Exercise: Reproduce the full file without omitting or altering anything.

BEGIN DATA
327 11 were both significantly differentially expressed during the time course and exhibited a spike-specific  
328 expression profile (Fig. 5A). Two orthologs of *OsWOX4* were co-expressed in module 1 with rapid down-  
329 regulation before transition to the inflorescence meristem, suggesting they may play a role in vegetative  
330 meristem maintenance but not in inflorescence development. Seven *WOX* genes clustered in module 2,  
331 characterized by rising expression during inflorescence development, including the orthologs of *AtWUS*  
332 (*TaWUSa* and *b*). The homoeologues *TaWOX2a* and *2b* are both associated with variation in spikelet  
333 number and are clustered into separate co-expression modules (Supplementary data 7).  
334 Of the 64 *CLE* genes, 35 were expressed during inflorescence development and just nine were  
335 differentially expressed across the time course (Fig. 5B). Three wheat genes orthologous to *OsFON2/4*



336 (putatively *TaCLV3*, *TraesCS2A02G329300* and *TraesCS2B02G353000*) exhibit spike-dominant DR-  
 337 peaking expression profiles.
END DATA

327 11 were both significantly differentially expressed during the time course and exhibited a spike-specific  
328 expression profile (Fig. 5A). Two orthologs of *OsWOX4* were co-expressed in module 1 with rapid down-  
329 regulation before transition to the inflorescence meristem, suggesting they may play a role in vegetative  
330 meristem maintenance but not in inflorescence development. Seven *WOX* genes clustered in module 2,  
331 characterized by rising expression during inflorescence development, including the orthologs of *AtWUS*  
332 (*TaWUSa* and *b*). The homoeologues *TaWOX2a* and *2b* are both associated with variation in spikelet  
333 number and are clustered into separate co-expression modules (Supplementary data 7).  
334 Of the 64 *CLE* genes, 35 were expressed during inflorescence development and just nine were  
335 differentially expressed across the time course (Fig. 5B). Three wheat genes orthologous to *OsFON2/4*



336 (putatively *TaCLV3*, *TraesCS2A02G329300* and *TraesCS2B02G353000*) exhibit spike-dominant DR-  
 337 peaking expression profiles.